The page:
• Set the status of that subscription as canceled.

Setting up stripe-cli

stripe-cli is a command line tool from Stripe, which let's us build, test, and manage our Stripe integration right from the terminal.

This tool abstracts away the endpoint URL manipulation and provides us with simple natural and easy to read/write syntax.

The very first step is to install stripe-cli in our system. This can be installed directly via package manager.

If the tool is not available in our system, then make use of its docker image.

1# for mac
2brew install stripe/stripe-cli/stripe
4# for all variations of ubuntu and debian
5sudo apt-key adv --keyserver hkp:// --recv-keys 379CE192D401AB61
6echo "deb stable main" | sudo tee -a /etc/apt/sources.list
7sudo apt-get update
8sudo apt-get install stripe

Use cases

  • Securely test webhooks without relying on third-party tunneling software.
  • Trigger webhook events to easily test our integration.
  • Receive API request logs locally.
  • Create, retrieve, update, and delete API objects.

Pairing with our Stripe account

After installing the Stripe CLI, we must pair it with our Stripe account. To do so, run stripe login in the terminal.

We’ll be prompted to launch our browser and login to the Stripe Dashboard to grant the Stripe CLI access to our account.

Pairing generates a pair of secret API keys - one test mode, one live mode — that are valid for 90 days.

We can also manually delete the key under API Keys in the Dashboard, by clicking on the Revoke Key button near each of the API keys.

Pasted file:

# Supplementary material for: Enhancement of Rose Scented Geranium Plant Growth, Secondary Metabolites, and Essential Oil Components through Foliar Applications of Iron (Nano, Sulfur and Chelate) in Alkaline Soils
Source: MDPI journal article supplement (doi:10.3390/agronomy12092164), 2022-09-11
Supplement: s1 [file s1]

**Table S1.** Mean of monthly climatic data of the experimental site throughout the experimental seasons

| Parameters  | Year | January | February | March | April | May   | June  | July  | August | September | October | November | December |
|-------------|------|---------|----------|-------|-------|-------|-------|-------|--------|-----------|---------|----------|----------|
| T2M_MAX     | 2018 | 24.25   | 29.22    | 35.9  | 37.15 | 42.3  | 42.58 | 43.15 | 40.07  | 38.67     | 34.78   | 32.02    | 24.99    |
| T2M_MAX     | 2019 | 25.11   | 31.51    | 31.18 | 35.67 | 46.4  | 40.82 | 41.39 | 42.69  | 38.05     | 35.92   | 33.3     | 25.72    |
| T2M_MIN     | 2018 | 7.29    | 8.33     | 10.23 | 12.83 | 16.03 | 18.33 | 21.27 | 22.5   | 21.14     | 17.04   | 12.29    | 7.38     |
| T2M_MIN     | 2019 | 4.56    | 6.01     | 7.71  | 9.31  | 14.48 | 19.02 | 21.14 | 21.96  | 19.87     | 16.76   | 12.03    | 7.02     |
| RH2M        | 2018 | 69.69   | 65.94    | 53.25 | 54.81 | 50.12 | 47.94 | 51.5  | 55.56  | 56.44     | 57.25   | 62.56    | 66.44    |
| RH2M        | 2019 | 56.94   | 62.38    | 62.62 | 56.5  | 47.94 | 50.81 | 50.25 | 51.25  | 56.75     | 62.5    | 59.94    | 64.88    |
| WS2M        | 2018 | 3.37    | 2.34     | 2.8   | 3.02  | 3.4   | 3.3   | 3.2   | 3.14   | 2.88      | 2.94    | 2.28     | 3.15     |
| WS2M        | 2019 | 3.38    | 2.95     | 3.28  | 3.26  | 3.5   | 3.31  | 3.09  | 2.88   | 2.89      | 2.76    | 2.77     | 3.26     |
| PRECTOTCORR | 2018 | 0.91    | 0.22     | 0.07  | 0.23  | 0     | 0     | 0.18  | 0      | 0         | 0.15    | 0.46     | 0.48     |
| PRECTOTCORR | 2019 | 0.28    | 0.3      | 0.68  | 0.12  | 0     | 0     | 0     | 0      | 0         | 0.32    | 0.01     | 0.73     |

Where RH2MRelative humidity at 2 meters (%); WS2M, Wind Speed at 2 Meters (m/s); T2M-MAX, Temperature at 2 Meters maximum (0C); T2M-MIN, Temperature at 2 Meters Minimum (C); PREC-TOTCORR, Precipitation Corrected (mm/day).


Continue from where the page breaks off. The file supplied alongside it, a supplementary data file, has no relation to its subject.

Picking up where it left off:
Configuring Stripe CLI

We can always type in stripe --help to see all the possible set of commands provided by this tool. As for the configuration, the following are possible:

  • Logging in with an existing API key. By default, a new API key is generated for the Stripe CLI. To use an existing API key instead, add the --api-key flag:
1stripe login --api-key sk_test_key
  • We can login to different projects by passing in the --project-name flag followed by the name of the project.


  • Viewing real time API request logs from Stripe.
1stripe logs tail
  • We can make API requests directly through the Stripe CLI. Run stripe resources to see the complete list of resources available. Example: To create a PaymentIntent:
1stripe payment_intents create --amount=19 --currency=eur
  • Making raw API requests to the endpoints. This is same as invoking curl command, with the difference that we don't need to pass in the secret with each request.
1stripe post /v1/payment_intents \
2  -d amount=2000 \
3  -d currency=usd \
4  -d "payment_method_types[]=card"

Testing webhooks locally

Stripe CLI allows us to listen, trigger, and forward webhook events from the terminal.

So how does this come in handy? Say that in our application logic, we have a webhook controller which invokes a worker when a particular webhook event is received.